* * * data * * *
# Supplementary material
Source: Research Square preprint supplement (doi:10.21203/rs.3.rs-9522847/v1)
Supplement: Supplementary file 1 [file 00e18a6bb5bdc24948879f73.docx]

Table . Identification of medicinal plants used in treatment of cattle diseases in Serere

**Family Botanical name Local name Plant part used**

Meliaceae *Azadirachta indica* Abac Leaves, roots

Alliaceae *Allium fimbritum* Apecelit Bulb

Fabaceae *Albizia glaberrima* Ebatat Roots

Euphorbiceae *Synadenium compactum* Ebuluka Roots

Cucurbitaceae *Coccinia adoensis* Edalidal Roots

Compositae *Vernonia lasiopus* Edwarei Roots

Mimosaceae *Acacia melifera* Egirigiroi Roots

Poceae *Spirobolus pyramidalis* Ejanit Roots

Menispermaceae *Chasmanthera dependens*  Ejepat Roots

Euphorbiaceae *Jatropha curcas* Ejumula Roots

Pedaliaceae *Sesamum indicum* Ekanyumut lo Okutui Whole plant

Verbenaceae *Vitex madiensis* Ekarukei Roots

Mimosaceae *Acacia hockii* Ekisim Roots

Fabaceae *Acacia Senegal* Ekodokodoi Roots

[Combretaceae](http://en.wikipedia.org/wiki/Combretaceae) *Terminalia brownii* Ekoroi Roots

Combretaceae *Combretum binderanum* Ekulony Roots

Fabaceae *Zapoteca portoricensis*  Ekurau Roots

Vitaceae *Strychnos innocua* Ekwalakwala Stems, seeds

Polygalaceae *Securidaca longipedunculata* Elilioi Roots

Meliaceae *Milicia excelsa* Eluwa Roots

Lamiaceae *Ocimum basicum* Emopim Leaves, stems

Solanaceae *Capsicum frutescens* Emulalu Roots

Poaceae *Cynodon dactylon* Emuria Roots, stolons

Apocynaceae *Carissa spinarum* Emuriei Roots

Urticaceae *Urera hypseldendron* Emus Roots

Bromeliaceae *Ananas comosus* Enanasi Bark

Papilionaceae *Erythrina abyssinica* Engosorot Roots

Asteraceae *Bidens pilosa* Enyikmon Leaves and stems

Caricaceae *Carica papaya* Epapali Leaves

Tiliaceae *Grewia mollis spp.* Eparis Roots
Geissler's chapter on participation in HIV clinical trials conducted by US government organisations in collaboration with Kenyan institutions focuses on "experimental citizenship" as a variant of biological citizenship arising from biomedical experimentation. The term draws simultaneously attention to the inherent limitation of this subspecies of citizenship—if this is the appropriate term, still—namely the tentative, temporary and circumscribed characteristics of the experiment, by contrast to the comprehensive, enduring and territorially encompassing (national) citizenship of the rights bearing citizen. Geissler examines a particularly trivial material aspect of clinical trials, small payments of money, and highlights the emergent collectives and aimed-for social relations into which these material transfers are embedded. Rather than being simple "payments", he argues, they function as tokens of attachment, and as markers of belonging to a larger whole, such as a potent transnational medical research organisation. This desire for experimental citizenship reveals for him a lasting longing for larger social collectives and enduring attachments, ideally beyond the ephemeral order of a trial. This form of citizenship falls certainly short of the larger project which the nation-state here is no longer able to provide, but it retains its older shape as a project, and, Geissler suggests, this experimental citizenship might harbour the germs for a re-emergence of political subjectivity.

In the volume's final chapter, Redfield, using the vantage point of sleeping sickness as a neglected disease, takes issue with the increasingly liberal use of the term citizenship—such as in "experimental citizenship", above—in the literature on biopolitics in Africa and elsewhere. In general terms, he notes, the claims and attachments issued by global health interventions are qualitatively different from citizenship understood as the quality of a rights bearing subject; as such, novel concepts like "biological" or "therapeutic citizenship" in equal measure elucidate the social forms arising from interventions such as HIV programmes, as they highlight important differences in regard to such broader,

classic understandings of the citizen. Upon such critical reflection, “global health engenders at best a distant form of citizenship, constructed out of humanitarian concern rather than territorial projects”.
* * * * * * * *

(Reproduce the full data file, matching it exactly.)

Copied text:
# Supplementary material
Source: Research Square preprint supplement (doi:10.21203/rs.3.rs-9522847/v1)
Supplement: Supplementary file 1 [file 00e18a6bb5bdc24948879f73.docx]

Table . Identification of medicinal plants used in treatment of cattle diseases in Serere

**Family Botanical name Local name Plant part used**

Meliaceae *Azadirachta indica* Abac Leaves, roots

Alliaceae *Allium fimbritum* Apecelit Bulb

Fabaceae *Albizia glaberrima* Ebatat Roots

Euphorbiceae *Synadenium compactum* Ebuluka Roots

Cucurbitaceae *Coccinia adoensis* Edalidal Roots

Compositae *Vernonia lasiopus* Edwarei Roots

Mimosaceae *Acacia melifera* Egirigiroi Roots

Poceae *Spirobolus pyramidalis* Ejanit Roots

Menispermaceae *Chasmanthera dependens*  Ejepat Roots

Euphorbiaceae *Jatropha curcas* Ejumula Roots

Pedaliaceae *Sesamum indicum* Ekanyumut lo Okutui Whole plant

Verbenaceae *Vitex madiensis* Ekarukei Roots

Mimosaceae *Acacia hockii* Ekisim Roots

Fabaceae *Acacia Senegal* Ekodokodoi Roots

[Combretaceae](http://en.wikipedia.org/wiki/Combretaceae) *Terminalia brownii* Ekoroi Roots

Combretaceae *Combretum binderanum* Ekulony Roots

Fabaceae *Zapoteca portoricensis*  Ekurau Roots

Vitaceae *Strychnos innocua* Ekwalakwala Stems, seeds

Polygalaceae *Securidaca longipedunculata* Elilioi Roots

Meliaceae *Milicia excelsa* Eluwa Roots

Lamiaceae *Ocimum basicum* Emopim Leaves, stems

Solanaceae *Capsicum frutescens* Emulalu Roots

Poaceae *Cynodon dactylon* Emuria Roots, stolons

Apocynaceae *Carissa spinarum* Emuriei Roots

Urticaceae *Urera hypseldendron* Emus Roots

Bromeliaceae *Ananas comosus* Enanasi Bark

Papilionaceae *Erythrina abyssinica* Engosorot Roots

Asteraceae *Bidens pilosa* Enyikmon Leaves and stems

Caricaceae *Carica papaya* Epapali Leaves

Tiliaceae *Grewia mollis spp.* Eparis Roots
Geissler's chapter on participation in HIV clinical trials conducted by US government organisations in collaboration with Kenyan institutions focuses on "experimental citizenship" as a variant of biological citizenship arising from biomedical experimentation. The term draws simultaneously attention to the inherent limitation of this subspecies of citizenship—if this is the appropriate term, still—namely the tentative, temporary and circumscribed characteristics of the experiment, by contrast to the comprehensive, enduring and territorially encompassing (national) citizenship of the rights bearing citizen. Geissler examines a particularly trivial material aspect of clinical trials, small payments of money, and highlights the emergent collectives and aimed-for social relations into which these material transfers are embedded. Rather than being simple "payments", he argues, they function as tokens of attachment, and as markers of belonging to a larger whole, such as a potent transnational medical research organisation. This desire for experimental citizenship reveals for him a lasting longing for larger social collectives and enduring attachments, ideally beyond the ephemeral order of a trial. This form of citizenship falls certainly short of the larger project which the nation-state here is no longer able to provide, but it retains its older shape as a project, and, Geissler suggests, this experimental citizenship might harbour the germs for a re-emergence of political subjectivity.

In the volume's final chapter, Redfield, using the vantage point of sleeping sickness as a neglected disease, takes issue with the increasingly liberal use of the term citizenship—such as in "experimental citizenship", above—in the literature on biopolitics in Africa and elsewhere. In general terms, he notes, the claims and attachments issued by global health interventions are qualitatively different from citizenship understood as the quality of a rights bearing subject; as such, novel concepts like "biological" or "therapeutic citizenship" in equal measure elucidate the social forms arising from interventions such as HIV programmes, as they highlight important differences in regard to such broader,

classic understandings of the citizen. Upon such critical reflection, “global health engenders at best a distant form of citizenship, constructed out of humanitarian concern rather than territorial projects”.